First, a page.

Interview with Albert Turner


Albert Turner:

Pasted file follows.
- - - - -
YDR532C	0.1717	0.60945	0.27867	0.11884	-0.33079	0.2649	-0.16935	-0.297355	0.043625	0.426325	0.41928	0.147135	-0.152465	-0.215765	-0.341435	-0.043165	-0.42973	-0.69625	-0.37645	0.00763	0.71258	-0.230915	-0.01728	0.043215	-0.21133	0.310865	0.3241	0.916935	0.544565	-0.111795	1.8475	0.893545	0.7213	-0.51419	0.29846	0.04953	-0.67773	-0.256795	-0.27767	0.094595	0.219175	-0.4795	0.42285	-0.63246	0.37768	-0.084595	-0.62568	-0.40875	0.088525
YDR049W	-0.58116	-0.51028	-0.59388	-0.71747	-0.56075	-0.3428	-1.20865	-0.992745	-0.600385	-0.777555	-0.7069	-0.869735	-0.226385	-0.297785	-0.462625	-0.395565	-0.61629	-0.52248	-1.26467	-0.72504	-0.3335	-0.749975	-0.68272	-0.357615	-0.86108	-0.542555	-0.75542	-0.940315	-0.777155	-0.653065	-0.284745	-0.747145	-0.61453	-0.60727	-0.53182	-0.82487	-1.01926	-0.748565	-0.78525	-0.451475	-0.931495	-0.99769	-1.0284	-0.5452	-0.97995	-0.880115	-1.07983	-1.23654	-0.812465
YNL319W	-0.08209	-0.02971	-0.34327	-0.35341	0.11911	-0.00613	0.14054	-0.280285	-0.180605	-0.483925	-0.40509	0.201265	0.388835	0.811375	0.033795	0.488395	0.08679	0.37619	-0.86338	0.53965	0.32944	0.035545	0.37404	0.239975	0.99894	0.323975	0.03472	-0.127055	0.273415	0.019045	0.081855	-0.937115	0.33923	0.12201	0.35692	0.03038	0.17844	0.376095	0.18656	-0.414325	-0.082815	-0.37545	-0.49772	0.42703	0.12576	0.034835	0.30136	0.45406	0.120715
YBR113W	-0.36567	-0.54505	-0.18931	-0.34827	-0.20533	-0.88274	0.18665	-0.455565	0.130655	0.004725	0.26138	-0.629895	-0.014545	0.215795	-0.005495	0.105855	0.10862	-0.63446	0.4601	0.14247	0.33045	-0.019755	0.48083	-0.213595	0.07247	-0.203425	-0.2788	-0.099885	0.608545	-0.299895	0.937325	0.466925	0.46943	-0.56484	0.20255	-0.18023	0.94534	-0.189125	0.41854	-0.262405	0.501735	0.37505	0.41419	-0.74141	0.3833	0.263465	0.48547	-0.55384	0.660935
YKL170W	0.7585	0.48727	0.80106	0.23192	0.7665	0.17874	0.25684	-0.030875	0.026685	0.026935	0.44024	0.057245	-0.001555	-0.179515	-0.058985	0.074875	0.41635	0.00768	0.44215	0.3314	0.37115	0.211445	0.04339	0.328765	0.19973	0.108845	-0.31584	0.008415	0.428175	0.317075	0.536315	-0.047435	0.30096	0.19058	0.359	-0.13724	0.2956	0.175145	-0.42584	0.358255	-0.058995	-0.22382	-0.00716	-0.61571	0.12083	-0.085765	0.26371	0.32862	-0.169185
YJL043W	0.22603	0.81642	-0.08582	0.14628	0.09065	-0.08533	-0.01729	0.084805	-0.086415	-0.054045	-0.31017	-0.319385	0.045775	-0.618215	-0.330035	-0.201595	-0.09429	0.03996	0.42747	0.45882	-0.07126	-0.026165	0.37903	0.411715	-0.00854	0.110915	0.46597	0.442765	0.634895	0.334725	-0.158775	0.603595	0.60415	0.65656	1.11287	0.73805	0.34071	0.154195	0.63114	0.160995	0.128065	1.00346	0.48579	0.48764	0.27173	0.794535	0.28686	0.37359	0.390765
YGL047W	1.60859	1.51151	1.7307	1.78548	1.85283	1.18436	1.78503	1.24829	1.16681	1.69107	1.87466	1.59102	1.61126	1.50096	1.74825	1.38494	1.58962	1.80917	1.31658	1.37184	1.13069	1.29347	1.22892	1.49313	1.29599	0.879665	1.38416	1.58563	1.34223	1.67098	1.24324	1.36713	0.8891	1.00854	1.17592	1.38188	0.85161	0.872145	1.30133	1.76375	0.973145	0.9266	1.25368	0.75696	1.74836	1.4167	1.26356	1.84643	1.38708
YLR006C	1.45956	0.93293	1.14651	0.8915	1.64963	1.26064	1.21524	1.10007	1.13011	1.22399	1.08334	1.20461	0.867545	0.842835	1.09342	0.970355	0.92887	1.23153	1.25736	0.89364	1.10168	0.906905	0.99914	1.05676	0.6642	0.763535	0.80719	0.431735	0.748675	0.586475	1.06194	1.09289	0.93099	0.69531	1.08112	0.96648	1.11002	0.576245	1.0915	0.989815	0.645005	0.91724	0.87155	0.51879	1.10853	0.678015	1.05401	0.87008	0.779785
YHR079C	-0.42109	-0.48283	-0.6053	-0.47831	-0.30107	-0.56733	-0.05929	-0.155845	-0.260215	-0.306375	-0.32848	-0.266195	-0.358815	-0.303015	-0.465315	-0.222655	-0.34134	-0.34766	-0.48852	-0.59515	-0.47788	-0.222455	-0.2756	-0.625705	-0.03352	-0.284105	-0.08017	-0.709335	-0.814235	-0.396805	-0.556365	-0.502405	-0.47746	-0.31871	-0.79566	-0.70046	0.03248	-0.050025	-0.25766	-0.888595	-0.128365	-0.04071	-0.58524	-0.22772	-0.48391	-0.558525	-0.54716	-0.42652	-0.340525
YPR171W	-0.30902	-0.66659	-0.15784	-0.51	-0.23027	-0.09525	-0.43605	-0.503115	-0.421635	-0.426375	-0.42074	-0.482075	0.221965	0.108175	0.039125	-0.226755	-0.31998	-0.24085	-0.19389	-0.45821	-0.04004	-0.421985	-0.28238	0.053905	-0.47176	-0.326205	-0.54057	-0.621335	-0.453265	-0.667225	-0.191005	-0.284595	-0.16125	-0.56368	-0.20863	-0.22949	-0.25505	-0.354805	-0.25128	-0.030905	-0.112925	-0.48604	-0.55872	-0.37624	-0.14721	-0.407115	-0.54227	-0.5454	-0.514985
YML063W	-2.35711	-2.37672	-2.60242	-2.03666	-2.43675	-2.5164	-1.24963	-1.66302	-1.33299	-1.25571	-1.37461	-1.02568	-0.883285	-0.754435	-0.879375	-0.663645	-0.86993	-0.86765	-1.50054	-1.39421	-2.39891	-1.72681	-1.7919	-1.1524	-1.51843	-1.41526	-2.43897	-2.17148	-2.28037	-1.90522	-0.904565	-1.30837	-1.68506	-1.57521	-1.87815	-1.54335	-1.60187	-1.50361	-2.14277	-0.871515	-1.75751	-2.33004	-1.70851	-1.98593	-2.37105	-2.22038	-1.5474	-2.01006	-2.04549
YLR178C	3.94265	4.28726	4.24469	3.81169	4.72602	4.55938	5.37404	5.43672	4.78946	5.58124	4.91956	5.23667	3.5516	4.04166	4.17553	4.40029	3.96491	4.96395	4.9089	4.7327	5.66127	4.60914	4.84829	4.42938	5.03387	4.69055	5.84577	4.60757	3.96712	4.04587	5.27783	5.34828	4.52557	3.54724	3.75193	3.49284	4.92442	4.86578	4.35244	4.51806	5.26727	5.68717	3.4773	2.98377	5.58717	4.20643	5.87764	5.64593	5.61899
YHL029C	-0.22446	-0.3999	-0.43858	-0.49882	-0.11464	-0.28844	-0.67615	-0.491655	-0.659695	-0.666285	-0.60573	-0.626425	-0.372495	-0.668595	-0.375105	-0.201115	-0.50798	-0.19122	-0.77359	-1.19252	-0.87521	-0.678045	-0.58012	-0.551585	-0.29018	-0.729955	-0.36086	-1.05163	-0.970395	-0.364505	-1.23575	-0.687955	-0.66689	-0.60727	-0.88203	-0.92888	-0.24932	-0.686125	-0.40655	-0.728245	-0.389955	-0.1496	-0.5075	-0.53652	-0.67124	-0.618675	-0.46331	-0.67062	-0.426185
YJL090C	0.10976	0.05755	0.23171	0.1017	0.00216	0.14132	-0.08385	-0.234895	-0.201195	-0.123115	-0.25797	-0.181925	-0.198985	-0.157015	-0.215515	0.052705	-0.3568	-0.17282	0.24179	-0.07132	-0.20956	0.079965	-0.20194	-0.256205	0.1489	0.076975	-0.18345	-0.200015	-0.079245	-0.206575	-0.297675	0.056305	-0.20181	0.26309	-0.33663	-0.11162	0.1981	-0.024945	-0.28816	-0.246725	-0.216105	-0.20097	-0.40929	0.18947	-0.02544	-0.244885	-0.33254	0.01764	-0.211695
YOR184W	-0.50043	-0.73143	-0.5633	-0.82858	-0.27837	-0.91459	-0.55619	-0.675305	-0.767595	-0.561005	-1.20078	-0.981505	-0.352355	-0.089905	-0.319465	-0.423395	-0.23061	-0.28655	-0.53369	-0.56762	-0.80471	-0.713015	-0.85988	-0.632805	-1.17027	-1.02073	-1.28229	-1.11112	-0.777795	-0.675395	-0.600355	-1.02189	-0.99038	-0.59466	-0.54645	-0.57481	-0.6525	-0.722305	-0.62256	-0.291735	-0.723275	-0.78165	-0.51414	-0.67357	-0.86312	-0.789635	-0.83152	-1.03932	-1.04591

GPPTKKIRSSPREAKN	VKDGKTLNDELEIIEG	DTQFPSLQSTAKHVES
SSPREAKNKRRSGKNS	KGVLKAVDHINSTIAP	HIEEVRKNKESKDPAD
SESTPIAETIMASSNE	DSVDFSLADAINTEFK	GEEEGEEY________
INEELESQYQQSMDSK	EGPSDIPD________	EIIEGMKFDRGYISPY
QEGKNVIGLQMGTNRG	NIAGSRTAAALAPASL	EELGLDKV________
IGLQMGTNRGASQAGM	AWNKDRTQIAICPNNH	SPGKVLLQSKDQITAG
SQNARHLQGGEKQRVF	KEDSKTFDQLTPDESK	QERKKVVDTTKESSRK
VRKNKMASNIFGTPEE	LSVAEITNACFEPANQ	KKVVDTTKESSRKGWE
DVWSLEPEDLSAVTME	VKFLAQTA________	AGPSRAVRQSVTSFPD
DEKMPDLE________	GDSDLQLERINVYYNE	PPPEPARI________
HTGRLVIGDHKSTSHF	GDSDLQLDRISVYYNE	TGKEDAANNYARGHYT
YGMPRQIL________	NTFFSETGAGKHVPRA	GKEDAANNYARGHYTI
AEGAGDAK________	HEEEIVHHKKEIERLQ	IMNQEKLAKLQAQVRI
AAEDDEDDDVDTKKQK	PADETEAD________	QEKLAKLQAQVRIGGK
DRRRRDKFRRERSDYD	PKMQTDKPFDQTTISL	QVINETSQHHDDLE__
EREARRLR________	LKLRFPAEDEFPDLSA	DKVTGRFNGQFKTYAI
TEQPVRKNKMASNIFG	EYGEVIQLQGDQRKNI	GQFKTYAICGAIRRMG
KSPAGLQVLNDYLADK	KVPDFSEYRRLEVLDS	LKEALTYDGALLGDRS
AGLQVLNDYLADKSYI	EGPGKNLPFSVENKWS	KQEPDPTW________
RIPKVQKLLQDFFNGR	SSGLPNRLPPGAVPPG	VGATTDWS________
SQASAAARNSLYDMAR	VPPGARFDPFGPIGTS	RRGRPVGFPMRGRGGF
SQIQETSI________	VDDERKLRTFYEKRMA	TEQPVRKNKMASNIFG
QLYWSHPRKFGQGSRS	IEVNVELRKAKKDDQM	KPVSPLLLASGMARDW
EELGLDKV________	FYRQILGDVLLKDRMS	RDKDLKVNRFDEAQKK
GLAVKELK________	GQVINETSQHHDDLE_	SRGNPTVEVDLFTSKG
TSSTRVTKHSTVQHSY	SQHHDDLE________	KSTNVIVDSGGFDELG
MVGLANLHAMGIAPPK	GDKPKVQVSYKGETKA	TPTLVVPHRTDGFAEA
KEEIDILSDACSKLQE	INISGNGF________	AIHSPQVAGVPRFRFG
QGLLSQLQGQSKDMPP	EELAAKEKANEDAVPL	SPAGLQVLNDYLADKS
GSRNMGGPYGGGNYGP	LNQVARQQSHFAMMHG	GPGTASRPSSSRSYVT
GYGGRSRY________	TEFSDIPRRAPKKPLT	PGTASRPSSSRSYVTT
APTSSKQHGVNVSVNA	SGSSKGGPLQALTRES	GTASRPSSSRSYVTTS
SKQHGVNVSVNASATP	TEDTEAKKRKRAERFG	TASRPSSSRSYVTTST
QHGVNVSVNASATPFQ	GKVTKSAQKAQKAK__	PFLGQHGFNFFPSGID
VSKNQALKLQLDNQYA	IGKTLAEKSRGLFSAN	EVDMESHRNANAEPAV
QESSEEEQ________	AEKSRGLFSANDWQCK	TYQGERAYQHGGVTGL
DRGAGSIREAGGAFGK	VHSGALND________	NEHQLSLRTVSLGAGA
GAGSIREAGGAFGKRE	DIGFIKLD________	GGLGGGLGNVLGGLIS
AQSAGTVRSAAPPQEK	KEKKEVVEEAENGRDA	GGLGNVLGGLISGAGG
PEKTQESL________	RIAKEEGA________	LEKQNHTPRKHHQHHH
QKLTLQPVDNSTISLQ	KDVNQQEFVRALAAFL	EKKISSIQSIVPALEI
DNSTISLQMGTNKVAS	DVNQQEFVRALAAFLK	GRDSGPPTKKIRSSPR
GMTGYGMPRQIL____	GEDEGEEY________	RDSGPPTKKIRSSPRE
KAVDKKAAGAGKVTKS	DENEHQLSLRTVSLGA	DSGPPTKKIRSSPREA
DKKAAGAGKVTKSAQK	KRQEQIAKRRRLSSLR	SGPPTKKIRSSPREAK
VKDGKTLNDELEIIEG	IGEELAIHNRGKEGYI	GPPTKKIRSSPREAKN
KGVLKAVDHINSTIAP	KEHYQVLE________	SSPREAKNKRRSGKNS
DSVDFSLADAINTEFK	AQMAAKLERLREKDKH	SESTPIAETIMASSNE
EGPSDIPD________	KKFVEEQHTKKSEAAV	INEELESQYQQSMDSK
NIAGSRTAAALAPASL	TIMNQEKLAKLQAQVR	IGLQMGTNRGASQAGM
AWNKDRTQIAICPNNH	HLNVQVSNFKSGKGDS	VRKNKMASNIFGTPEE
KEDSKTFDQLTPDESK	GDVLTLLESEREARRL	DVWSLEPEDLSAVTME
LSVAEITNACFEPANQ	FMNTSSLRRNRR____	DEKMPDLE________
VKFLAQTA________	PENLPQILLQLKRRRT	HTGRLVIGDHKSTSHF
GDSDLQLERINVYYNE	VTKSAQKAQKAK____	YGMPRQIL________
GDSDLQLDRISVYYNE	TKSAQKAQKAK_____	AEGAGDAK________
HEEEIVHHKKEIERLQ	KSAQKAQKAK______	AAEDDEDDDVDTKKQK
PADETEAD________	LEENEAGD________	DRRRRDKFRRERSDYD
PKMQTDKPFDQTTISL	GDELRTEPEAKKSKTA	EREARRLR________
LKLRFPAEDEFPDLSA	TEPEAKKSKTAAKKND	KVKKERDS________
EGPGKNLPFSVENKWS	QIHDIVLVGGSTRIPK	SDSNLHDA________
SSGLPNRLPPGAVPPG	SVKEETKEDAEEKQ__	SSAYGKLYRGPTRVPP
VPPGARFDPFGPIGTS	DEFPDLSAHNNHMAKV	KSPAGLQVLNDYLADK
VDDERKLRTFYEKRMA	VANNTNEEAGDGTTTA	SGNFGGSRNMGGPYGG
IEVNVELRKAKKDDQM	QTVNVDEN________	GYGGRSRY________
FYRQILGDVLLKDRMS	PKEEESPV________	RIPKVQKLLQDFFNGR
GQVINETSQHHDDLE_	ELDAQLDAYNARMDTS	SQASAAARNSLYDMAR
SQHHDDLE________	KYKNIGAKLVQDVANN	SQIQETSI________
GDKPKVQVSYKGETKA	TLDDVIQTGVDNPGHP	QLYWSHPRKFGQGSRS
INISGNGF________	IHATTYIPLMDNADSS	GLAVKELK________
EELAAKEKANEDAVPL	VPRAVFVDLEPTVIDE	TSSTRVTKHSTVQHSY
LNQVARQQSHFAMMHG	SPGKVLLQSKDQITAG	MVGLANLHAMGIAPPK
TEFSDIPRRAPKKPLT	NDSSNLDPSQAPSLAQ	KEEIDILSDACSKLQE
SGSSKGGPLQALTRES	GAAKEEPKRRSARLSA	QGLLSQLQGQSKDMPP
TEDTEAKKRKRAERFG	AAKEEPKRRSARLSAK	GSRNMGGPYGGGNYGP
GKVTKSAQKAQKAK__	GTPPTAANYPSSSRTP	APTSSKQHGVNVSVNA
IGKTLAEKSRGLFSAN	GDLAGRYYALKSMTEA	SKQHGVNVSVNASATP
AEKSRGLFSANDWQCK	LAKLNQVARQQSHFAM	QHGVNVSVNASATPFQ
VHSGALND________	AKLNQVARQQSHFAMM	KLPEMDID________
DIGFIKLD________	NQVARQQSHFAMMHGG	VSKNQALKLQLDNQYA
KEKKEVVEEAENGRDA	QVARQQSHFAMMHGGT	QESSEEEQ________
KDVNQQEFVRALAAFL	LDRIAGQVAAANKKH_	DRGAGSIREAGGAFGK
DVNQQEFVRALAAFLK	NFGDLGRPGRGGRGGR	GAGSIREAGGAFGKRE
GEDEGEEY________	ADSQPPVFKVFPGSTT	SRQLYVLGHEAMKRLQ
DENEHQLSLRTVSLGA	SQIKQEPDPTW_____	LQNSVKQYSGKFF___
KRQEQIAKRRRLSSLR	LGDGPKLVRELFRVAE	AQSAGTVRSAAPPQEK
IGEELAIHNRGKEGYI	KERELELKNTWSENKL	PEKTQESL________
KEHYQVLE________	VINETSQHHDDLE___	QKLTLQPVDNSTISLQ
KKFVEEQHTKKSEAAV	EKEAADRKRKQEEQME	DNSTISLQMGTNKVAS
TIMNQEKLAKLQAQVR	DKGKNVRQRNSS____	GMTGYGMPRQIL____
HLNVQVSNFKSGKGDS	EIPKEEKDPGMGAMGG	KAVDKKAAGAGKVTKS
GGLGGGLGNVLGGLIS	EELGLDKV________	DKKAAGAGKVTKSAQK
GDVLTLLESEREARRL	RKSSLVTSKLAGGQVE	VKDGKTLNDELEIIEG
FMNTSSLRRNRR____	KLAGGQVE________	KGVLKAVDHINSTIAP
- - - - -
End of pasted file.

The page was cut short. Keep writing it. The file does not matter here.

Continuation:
Well, at that time uh, the movement was going on everywhere. Uh, this was in '65. I came home from college, myself a, a college graduate, and at that time we had a few black people coming out of college. And uh, we went to town to try to register. We had uh, uh, I had received information from people like the NAACP and so forth, encouraging folks to register to vote. So we organized our local chapter, our local group of people here, and we started trying to teach people how to become registered voters and how to pass this massive test that they had at this time. They had a test that um, had to interpret the constitution and all kind of jive, and about 3 or 400 tests and they'd just draw one. There was no way to learn it. But it became our job or my job or some of the others, who supposed to have been educated to try to teach people how to pass the test, even though we couldn't pass ourselves. And uh, I'd insisted and I had tried and always thought I was a pretty good student myself, and uh it was a kind of an affront to me that these dummies who was the registrars uh, were saying to me that I couldn't pass a test that they was giving, and they couldn't hardly write their names. And as a result it just become a thing that built up and built up and people became angry and uh, and I did myself. And I think it was about '62 when we became a formal organization here called the Perry County Civic League, which was about you know, in '62. And at that point we went all out to try to become registered voters. We had several lawsuits uh, 4 or 500 hundred of us wrote letters to the federal judges and everything. Uh, uh, telling about conditions here. But we had, really had a struggle before at that time, it was a quiet struggle, it was not, uh, you know, not necessarily a quiet struggle, but we did what we thought we could do at that point. And we had received several legal opinions, uh, federal district court and uh, in Mobile. And uh, about '65, I guess we had registered maybe 75 people. In fact, I was registered myself at that point. And they had picked several people like myself and they registered us then. And about January, the Southern Christian Leadership Conference had agreed that they were coming into Alabama, and going to a massive uh, drive here, particularly in Selma, Alabama, they had just come out of Birmingham, uh, dealing with the lunch counter situation, and uh, so they was going to come and try to do what we called a massive drive to deal with the right to vote. Uh, before hand we had a few people like uh, Ivanhoe Donaldson, and uh, some SNCC workers like Preach Preter uh, had come here already, and uh, started talking to us. And actually what happened


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